“My mom accidentally found out (i do not know how, i think she saw a text on my lock screen), confronted me, and when i asked her how she did she know, she said “i mean… we all kind of knew… i mean what girl wears flannels and wants to live with her best friend and eighty cats?” and then came out to me also, she’s bi. unfortunately she also found out about my ex, and asked how our relationship was, i had to awkwardly tell her i ended things a week before, and it took me another 2-3 years to tell her that ex-girlfriend was an abusive shithead. my mama gas supported me always, and i wish other parents did the same to their kids.” – ki.kibug

The one where she was told it was “just a phase.”

“I came out as pansexual at 15 and my moms first reaction was saying it was a phase and would pass, and telling me I needed to pray, that she would pray for me, and that i should try therapy. My mom has always been my best friend and I honestly don’t blame her for reacting this way, but I did make it clear it wasn’t going to change. I decided to take one day out of the year to remind her that I’m still pansexual, regardless of who I am with. I know for the most part she’s able to ignore my sexuality because I’ve had more serious boyfriends than girlfriends buy it’s still there, and a huge part of me. For the rest of my family I’ve only told those who have directly asked me or brought it up on conversation which have just been my younger cousins and they are completely supportive. There’s a good amount of my family that I haven’t said those words to yet, but I am willing to at a drop of a hat.” – @carmennurinda

The one where she threw up.

“It was difficult… I was with my super religious aunt and she was asking why I still don’t have a bf how it upsets my mom that I haven’t given her grandchildren and stuff and I remember there was a big cross on the wall ( typical Pr 🇵🇷) and she said “ Mija te ves tristes porque?” And i just broke and said “ tia estoy triste porque yo se que mi mamá y todos en la familia vas hablar mal de mi porque dos mujeres no puedes tienen un bebé “ and i ran and threw up . My mom showed up when I was throwing up and she freaked out it was horrible …my tia had to calm my mom down she kept saying “what did she do wrong” it was bad.” – j_nyx_

A story about coming out in the most freeing way she knew how.

“I said it via text. With my engagement ring on. Fuck it. At 34 I wasn’t going to hide myself any longer.”- vvaz__

A story that includes being outed before she was ready.

“Unfortunately I was outed before I was emotionally and mentally ready to endure the rejection. Blessed to say after 10 years my mom accepts my sexuality. People need to know the damage they can cause by outing a loved one when they are not ready. You might think you’re helping but not in all cases. Best way to help is by motivating them to be proudly be themselves. ” – karydred

When her abuelita found out on social but just wanted to be supportive.

“Told my family, my mom goes “finally, we were wondering when you’d come out.” and i was like “huh??” and my sister said “you wear flannels everyday, you want to live with your best friend with no men, and you want to have a household of cats??” my abuela basically found out via facebook and bombarded my mom with questions on how to support me.” – ki.kibug

A sad story of still not being totally out.

“I haven’t yet because at 15 when rumors about me were said at school my sister told my mom about it and my mom cried and said she’d disown me if they were true so I lied and said they weren’t.” – tired.latina

A mother who is proud of her daughter no matter what.

“I’m 41. I’m Hispanic, my husband is 46, Mexican & Puerto Rican. Our daughter was a straight A student in elementary. All of a sudden her grades slipped, she became depressed and withdrawn. Then the summer going into 8th grade, she wrote us a letter coming out. She said she was so full of anxiety, not knowing if we would still love her. We basically let her know that it was a nonissue for us. We knew from the time she was a toddler that she was gay. I felt like, there didn’t need to be a big coming out. I don’t see her any different than I see my other children. She’s 15 now & has been with her girlfriend for 11 months. We love her too.” – shes_crafty77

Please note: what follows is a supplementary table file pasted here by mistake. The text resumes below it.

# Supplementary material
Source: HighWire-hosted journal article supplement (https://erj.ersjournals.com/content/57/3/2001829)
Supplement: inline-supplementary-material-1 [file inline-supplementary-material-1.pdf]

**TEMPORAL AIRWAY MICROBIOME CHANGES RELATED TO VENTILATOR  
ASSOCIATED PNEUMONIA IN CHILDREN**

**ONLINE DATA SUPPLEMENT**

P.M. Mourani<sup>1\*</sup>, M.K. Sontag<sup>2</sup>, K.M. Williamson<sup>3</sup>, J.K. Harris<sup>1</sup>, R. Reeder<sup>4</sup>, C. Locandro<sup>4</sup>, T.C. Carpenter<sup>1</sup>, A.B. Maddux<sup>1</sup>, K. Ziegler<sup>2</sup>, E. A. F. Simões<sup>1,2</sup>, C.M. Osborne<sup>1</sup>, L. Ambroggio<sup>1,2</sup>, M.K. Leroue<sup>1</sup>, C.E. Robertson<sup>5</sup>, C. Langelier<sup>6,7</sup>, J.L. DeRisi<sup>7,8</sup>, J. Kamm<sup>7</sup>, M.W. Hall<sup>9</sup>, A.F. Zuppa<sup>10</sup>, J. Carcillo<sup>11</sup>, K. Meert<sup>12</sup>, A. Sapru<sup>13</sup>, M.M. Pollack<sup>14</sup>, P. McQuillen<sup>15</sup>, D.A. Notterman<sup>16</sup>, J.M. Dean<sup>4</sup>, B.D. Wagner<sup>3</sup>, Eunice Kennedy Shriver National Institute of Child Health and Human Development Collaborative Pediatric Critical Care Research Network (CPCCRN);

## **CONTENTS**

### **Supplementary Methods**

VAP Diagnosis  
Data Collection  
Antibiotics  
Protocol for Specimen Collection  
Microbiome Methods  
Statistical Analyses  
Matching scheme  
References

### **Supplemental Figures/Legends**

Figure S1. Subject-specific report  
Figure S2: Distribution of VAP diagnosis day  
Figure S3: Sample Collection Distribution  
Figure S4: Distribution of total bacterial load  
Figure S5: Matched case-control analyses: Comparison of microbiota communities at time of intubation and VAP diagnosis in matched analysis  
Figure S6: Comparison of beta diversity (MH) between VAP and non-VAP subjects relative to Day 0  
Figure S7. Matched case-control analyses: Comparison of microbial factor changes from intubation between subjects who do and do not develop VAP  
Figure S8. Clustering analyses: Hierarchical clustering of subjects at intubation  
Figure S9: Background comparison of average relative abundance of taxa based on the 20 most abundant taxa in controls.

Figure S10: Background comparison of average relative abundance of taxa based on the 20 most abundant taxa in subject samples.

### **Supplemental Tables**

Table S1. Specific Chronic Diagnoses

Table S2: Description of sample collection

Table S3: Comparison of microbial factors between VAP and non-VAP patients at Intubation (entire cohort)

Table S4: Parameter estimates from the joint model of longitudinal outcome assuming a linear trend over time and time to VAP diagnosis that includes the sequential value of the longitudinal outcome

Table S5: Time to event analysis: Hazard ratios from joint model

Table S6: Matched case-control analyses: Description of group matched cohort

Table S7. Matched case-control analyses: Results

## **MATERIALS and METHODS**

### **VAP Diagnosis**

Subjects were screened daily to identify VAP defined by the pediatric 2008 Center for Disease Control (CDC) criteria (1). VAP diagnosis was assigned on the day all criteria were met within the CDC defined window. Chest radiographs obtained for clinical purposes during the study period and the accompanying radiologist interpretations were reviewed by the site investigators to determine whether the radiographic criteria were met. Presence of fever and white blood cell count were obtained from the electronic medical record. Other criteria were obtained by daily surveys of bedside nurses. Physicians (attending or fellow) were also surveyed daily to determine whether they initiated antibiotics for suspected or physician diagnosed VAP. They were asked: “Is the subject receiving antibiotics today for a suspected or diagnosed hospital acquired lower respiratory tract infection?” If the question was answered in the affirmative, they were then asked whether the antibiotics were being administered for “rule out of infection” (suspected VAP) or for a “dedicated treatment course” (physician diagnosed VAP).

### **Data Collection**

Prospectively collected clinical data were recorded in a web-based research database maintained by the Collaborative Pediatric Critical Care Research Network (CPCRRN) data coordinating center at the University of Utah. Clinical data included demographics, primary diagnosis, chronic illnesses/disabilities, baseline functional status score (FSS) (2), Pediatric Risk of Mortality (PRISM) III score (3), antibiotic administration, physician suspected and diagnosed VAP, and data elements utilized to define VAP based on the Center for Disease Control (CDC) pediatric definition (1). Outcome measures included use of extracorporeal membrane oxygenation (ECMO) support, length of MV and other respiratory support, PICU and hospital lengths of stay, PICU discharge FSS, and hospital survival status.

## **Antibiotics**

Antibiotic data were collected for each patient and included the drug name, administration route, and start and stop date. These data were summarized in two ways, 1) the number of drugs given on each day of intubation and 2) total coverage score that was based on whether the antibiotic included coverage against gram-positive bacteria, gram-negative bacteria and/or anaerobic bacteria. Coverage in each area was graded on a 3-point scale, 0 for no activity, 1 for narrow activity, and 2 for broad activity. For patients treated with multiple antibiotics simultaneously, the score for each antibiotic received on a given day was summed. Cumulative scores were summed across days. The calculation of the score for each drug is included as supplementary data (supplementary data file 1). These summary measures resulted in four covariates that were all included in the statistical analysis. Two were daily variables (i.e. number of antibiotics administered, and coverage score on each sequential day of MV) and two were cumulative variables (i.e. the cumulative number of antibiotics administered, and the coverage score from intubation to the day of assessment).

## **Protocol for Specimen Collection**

It happend over email and “things are so much better, but not perfect.”

“I did it via email at the age of 27… I was scared, felt ashamed, and thought I’d lose it all… It was hard for me. It was hard for my mom and we took some time to really talk about it almost a year later… Things are so much better, but not perfect. I’m blessed to openly be with my wife in our family, yet there’s still lots to unpack.” – labruxapg

The Latina mama bear who loves her son no importa qué.

“I’m a proud mom of a gay son who came out at the age of 12, as a Latina mom, our culture is harsh on LGBTQ+ every day I try and break that cycle and barriers. My house is a safe haven for my son’s friends and for those kids that have been rejected. As a mom I want you to know that you are loved, you are unique and you are so brave! Hugs and hugs and hugs, you have a mom here that is so so proud of who you are.” – arco___iris___

The Latina who sacrificed herself for her sister.

“My abuela is Dominican, very religious and old school, and doesn’t like my sister’s Haitian boyfriend. One day, my sister was crying to me because my abuela said some harsh things to her about Haitians. My sister screamed at me, “NO! YOU DONT UNDERSTAND! Abuela doesn’t dislike who you are and who you love!” So I said fuck it, I came out to her as bisexual and told her that she’s not alone. We’ve become closer since and I can finally tell her the tea about the girls I like.” – slunaa24

A short story that has long-lasting tears.

“Mine had tears mainly my mom she kept asking what did she do wrong with me. It was a lot for her she’s better now but it’s been over 10 years.” – j_nyx_

When her mom reminded her that she was loved.

“I’m a proud mom of a gay son who came out at the age of 12, as a Latina mom, our culture is harsh on LGBTQ+ every day I try and break that cycle and barriers. My house is a safe haven for my son’s friends and for those kids that have been rejected. As a mom I want you to know that you are loved, you are unique and you are so brave! Hugs and hugs and hugs, you have a mom here that is so so proud of who you are.” – arco___iris___

Reminder! Come out only when you feel ready and safe to do so.